This is integral to both what and how we teach. It is, in the words of Phillips and Wong, the "spine" that "holds everything together" in all subject areas 2010, p. Authentic literacy embraces the best aspects and emphases of the Common Core, but as will be explained it rejects the bulk of the grade-by-grade minutiae found in the standards documents. Genuine literacy is still the unrivaled key to learning both content and thinking skills. But it is categorically different from the so-called "reading skills" and pseudo-standards that continue to wreak havoc in language arts.

We'll examine the case for very different kinds of literacy standards—and skills—in Chapter 4. A focus on these three elements would have more impact than all other initiatives combined. In the majority of our schools, they will ensure that record numbers of students are prepared for college, careers, and citizenship. They would wholly redefine what schools can accomplish with children from every socioeconomic stratum.

Because of this, their implementation should be our most morally urgent, jealously guarded priority: Until these elements are reasonably well implemented, it makes little sense to chase after new programs, technology, or other innovations. Once these elements are implemented, any evidence-based innovation is fair game, as long as it does not dilute or distract us from these always-vulnerable priorities.

Does this sound too "simplistic"? Can such simplicity really be the elusive key to better schools? To get some perspective, let's step outside our own profession for a moment. The Power of Simplicity, Clarity, and Priority Consider a football team that loses about half of its games, year after year.

This is a bit autobiographical; I coached football for a short time. Each week, the coaches scour the Internet to find new, complex plays. This confuses the players, who never mastered the last set of plays.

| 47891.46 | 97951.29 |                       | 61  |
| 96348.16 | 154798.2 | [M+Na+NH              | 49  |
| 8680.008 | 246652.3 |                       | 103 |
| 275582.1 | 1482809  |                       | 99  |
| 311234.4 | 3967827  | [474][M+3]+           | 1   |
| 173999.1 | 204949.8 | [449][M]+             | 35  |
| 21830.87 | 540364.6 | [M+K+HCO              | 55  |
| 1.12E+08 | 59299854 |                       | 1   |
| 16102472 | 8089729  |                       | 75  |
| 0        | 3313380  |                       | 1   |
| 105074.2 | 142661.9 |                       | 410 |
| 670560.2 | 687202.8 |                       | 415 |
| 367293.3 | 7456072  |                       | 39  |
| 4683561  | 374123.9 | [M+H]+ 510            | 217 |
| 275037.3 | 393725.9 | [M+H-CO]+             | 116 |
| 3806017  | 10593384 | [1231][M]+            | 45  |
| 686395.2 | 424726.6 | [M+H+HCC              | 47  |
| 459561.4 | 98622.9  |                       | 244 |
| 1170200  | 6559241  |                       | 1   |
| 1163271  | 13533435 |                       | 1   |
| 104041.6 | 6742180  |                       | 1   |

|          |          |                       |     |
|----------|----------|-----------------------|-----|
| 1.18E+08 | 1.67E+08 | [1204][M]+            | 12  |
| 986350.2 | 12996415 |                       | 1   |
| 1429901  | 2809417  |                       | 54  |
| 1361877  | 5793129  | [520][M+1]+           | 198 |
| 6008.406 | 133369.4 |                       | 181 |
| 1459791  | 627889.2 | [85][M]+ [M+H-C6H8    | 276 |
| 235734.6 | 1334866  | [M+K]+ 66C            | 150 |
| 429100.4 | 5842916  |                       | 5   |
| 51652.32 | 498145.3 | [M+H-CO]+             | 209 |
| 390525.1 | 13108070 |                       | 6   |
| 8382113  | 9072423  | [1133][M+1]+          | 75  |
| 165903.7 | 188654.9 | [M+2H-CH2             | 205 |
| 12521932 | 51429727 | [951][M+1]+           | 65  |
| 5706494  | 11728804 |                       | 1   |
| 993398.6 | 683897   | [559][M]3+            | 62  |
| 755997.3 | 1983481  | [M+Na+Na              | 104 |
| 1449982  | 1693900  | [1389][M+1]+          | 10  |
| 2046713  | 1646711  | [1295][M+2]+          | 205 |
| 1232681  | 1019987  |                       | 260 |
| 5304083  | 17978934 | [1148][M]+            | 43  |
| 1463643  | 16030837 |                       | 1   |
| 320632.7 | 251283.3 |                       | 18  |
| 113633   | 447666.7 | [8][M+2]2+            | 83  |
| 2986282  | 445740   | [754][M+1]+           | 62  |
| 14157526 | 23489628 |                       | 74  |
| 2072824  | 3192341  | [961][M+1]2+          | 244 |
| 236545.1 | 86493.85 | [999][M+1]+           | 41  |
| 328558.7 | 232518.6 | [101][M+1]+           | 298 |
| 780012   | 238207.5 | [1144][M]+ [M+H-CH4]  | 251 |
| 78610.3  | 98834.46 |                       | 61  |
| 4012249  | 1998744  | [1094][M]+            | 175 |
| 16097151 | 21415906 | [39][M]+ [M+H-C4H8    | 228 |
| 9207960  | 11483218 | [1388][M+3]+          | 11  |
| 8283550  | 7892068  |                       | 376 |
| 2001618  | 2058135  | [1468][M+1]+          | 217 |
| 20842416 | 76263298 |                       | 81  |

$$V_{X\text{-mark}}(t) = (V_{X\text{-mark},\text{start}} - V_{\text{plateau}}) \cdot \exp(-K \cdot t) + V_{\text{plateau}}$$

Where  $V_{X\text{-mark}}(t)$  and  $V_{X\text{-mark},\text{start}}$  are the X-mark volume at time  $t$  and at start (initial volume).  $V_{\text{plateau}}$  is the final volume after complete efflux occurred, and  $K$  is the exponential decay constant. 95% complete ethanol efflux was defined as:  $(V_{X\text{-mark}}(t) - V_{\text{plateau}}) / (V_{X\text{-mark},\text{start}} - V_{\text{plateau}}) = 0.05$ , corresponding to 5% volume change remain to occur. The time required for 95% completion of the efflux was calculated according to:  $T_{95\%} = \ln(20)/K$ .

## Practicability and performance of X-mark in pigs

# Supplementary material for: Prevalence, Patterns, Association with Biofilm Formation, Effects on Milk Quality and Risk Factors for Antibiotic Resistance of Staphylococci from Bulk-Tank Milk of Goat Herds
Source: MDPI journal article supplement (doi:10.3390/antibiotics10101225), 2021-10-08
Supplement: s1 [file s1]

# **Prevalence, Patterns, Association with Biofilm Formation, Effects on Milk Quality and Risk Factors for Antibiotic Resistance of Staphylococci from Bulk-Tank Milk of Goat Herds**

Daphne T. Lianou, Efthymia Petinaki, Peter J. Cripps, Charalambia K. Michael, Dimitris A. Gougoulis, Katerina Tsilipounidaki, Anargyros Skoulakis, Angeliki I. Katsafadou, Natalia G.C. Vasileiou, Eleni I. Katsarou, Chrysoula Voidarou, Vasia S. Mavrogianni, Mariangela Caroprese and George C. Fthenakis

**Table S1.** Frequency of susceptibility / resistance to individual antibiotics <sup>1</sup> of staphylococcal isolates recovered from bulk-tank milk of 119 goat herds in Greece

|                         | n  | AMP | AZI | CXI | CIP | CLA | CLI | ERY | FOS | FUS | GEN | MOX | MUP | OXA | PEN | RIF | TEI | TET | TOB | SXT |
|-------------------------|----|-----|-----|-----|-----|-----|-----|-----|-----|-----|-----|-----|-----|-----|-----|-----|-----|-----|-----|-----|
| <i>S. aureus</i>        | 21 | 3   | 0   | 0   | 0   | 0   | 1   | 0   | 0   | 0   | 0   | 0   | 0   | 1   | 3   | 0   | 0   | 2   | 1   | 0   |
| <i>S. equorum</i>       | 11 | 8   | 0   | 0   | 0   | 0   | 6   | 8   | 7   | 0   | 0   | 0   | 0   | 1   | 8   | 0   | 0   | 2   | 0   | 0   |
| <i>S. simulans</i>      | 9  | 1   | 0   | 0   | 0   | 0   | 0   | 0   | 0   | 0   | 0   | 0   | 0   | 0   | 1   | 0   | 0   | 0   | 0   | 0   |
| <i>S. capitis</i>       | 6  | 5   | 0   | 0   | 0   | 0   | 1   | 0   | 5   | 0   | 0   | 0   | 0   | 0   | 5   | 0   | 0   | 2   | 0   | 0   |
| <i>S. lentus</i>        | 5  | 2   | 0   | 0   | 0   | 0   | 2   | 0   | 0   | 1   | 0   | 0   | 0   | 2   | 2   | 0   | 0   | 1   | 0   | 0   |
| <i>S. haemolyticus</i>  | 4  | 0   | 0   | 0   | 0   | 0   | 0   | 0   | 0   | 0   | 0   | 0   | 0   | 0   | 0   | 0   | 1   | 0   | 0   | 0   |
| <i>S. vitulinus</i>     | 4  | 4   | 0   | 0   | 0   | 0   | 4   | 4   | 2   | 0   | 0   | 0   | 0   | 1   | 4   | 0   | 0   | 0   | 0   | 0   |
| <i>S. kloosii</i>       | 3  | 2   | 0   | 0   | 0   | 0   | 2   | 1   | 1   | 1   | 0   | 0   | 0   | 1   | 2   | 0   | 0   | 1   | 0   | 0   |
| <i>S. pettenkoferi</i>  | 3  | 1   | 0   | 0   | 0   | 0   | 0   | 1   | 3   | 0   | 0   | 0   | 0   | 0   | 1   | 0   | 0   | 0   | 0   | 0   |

All the while, the coaches never take note of something boring but important: If they paid closer attention to what every coach knows, they would see that their linemen have never mastered the timeless fundamentals of effective blocking, such as footwork and body position.

These fundamentals make a literal "game-changing" difference. Therefore, the solution to this team's mediocre performance is quite simple: The results would be immediate and significant. Now imagine a hospital in which infection rates are high. This is a true story. Internal research reveals this to be the number one cause of illness and mortality at that location.

All of the staff know the small handful of procedures that inhibit infection. According to one doctor, these "are no-brainers; they have been known and taught for years.

In fact, the hospital like the football coaches seldom acquaints the staff with the ironclad case that these simple, well-known hygienic procedures are directly linked to life, death, and infection rates.

The solution to the importance of accuracy clarity and relevance to students to advance in their college career hospital's problem is simple, not complex: In addition, the use of the checklist is monitored to ensure that all medical staff implement these practices consistently.